Liberals in Congress continue to blame anybody but themselves for the high price of energy today. Commenting on the passage of s bill directing the Commodity Futures Trading Commission to use their “emergency powers” to end “excessive speculation” in oil future’s markets, Speaker Nancy Pelosi said, “The American people should not be punished at the pump for the actions of oil speculators.”
Too bad nobody with an ounce of economic training is buying the liberal scapegoating. Last week liberal columnist Paul Krugman chided those eager to blame speculators for the price of oil. Today the Washington Post’s Sebastian Mallaby does the same:
Would-be Nixons argue that hedge funds and their ilk are piling into oil futures, driving prices above “reasonable” levels. They note that in 2000, speculators owned just over a third of the “paper oil” traded on the New York Mercantile Exchange but now own more than two-thirds. This buying pressure on paper oil is said to be pushing physical oil up. Stop the speculation, they say, and prices would revert to normal.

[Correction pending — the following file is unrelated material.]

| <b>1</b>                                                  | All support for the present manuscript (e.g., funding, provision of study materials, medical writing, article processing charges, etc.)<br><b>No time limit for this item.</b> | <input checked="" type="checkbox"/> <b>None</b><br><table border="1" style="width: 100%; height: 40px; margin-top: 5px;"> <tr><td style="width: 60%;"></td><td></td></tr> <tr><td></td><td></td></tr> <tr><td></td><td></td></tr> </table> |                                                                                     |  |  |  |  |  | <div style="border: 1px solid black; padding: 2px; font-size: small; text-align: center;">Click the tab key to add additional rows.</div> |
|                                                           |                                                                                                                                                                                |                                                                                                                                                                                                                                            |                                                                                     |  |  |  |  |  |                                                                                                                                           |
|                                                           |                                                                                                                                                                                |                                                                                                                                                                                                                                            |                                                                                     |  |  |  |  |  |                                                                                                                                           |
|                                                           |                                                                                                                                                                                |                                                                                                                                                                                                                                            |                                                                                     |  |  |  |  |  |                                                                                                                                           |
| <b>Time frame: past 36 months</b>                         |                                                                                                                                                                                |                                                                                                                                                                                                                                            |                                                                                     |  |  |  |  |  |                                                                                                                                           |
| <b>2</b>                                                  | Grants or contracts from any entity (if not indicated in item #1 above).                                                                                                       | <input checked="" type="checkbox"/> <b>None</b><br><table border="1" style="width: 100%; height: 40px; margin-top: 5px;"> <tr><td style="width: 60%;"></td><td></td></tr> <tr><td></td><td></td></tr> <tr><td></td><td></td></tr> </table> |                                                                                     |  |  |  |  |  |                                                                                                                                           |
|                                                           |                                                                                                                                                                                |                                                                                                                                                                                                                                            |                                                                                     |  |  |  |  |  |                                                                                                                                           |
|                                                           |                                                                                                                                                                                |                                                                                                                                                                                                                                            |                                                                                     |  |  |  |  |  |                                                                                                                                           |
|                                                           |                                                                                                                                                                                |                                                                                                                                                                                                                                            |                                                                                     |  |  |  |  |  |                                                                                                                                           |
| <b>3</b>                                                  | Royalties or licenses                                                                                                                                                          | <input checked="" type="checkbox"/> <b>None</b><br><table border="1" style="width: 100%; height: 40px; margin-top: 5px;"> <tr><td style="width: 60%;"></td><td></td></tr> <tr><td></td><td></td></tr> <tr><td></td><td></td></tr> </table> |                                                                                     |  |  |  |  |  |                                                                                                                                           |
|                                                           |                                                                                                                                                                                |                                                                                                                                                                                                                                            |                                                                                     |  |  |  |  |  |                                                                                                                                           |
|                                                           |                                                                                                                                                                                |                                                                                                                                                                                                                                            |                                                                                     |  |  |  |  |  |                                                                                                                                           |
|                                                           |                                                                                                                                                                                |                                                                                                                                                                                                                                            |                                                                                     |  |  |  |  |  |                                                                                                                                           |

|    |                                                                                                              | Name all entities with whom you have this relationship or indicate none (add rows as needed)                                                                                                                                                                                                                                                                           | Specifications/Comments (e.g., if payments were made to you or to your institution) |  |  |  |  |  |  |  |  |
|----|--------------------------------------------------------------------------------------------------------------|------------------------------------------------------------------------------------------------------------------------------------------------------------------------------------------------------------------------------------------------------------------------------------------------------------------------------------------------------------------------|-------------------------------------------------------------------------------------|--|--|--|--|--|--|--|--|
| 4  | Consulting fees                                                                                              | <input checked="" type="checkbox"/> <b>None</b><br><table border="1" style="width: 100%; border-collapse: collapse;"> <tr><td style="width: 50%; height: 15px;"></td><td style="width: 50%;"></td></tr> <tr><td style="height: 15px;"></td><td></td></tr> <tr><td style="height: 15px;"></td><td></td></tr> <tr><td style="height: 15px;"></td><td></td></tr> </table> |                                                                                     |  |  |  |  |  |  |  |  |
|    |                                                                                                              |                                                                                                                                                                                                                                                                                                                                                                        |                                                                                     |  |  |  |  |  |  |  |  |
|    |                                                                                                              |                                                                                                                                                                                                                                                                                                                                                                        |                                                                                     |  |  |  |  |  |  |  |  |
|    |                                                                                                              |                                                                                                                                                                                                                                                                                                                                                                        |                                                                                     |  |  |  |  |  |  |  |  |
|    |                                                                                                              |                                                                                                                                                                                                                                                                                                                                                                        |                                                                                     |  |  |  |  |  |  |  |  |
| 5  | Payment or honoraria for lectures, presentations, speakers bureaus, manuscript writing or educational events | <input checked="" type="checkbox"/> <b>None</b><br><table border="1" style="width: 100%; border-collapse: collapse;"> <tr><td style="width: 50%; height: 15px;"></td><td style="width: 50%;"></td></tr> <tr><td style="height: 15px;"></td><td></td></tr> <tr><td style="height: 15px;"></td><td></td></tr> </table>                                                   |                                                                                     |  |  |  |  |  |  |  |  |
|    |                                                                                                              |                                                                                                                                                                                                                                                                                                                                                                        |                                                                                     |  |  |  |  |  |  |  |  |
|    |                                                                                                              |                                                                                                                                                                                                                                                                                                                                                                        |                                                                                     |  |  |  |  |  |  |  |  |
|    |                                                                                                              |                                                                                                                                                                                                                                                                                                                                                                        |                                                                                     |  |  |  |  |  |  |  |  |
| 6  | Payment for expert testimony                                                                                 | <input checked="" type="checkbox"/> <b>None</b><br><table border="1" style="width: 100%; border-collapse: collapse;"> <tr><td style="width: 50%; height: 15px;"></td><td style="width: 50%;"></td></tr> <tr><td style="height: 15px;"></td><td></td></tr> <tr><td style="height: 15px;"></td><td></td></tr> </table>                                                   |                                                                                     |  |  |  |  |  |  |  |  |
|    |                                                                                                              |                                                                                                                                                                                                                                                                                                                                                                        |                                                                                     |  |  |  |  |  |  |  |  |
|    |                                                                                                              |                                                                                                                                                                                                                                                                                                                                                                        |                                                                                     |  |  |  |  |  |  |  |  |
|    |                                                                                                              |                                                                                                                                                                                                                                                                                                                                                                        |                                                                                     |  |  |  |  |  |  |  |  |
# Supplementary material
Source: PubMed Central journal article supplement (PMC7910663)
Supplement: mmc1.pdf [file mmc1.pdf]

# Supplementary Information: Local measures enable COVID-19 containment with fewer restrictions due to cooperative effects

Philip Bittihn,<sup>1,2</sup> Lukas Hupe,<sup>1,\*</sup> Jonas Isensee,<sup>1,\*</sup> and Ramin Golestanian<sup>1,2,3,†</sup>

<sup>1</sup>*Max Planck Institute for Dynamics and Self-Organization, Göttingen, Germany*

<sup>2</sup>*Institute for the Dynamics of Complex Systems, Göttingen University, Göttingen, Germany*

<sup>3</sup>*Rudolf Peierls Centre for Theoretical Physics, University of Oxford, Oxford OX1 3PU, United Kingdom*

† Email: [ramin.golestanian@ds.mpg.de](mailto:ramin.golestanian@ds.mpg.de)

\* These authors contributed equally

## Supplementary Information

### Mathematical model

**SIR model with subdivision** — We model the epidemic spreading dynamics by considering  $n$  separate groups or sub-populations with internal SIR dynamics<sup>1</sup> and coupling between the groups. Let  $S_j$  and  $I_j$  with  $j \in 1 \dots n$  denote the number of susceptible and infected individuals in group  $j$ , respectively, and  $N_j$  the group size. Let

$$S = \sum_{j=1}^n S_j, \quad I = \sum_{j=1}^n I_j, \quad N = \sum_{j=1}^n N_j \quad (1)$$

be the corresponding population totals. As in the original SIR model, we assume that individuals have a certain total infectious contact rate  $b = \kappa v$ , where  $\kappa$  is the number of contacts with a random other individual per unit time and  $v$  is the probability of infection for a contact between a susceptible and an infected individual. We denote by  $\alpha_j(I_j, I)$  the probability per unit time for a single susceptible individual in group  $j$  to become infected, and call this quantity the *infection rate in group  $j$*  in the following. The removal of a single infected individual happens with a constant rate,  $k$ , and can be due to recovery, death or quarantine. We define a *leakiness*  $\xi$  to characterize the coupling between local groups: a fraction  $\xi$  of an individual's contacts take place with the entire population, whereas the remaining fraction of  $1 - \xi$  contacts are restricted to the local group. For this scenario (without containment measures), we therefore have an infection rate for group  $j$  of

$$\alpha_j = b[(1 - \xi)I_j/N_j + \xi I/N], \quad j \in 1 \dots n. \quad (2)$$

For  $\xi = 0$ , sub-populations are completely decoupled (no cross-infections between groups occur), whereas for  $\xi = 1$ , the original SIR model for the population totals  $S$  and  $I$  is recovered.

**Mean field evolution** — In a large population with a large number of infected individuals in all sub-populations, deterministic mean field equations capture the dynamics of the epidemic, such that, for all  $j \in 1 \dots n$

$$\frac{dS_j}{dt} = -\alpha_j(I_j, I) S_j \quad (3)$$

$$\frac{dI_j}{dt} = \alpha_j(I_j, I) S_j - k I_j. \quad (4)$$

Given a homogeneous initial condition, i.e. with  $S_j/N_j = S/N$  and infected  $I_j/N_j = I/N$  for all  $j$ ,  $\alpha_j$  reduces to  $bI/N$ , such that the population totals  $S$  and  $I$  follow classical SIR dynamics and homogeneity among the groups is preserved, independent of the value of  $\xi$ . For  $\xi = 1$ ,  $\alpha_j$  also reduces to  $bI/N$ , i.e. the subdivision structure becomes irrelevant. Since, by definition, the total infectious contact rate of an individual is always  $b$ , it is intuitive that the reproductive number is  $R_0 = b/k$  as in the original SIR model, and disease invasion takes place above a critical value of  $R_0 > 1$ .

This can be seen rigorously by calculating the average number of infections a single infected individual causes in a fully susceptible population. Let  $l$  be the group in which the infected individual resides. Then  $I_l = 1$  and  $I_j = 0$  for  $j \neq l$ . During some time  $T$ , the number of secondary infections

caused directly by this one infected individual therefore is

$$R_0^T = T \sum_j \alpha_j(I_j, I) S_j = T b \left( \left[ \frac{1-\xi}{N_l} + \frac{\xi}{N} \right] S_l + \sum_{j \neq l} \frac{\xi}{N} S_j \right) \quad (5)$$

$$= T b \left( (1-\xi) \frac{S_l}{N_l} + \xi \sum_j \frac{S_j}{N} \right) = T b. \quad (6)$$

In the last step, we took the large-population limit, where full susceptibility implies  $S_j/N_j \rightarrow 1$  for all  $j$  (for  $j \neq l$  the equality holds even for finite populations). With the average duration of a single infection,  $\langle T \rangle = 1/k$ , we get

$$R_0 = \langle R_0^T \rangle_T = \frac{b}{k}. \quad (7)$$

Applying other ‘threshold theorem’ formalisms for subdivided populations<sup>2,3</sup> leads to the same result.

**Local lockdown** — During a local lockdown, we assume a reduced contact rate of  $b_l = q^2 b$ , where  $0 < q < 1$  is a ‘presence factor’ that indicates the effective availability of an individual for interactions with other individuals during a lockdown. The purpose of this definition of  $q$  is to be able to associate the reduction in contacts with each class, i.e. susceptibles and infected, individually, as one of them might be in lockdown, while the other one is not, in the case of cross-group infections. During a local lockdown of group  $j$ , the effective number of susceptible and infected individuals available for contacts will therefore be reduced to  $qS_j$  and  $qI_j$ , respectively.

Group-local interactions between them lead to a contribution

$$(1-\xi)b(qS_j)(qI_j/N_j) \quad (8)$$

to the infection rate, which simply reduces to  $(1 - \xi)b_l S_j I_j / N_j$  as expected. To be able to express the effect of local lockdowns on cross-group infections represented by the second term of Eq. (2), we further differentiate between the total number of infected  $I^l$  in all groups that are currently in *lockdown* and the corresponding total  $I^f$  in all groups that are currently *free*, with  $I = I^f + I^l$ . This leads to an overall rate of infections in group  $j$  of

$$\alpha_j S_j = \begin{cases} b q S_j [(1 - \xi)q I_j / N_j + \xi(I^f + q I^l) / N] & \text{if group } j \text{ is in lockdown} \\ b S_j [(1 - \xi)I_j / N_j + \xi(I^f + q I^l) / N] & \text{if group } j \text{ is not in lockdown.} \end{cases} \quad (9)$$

During the first seven months of 2007, speculators as a group tripled the amount of paper oil they owned, buying it from commercial players. But since last August, speculators as a group have not added to their positions — yet this was when oil prices went skyward.
Just as in Nixon’s day, government’s response to runaway prices would have unintended consequences. The most popular proposals would limit how many contracts a speculator can buy or sell on a futures exchange, and prevent trading with mostly borrowed money. But the more you restrict trading on U.S. exchanges, the more you drive trading into the shadowy world of the unregulated swaps market or onto offshore rivals. In the 1980s, Japan tried to prevent futures traders in Osaka from speculating on the Nikkei stock index. Nikkei futures trading thrived — in Singapore.
Most fundamentally, Nixon’s heirs forget that the “speculators” they attack are often trying to reduce risk, not embrace it. Pension funds have piled into oil because they are trying to protect themselves from inflation. Small investors who load up on retail oil funds are mostly doing the same. I know my family will consume several thousand dollars’ worth of oil this year, so I logged on to Fidelity’s Web site and locked in my price. Does Congress think I’m irresponsible?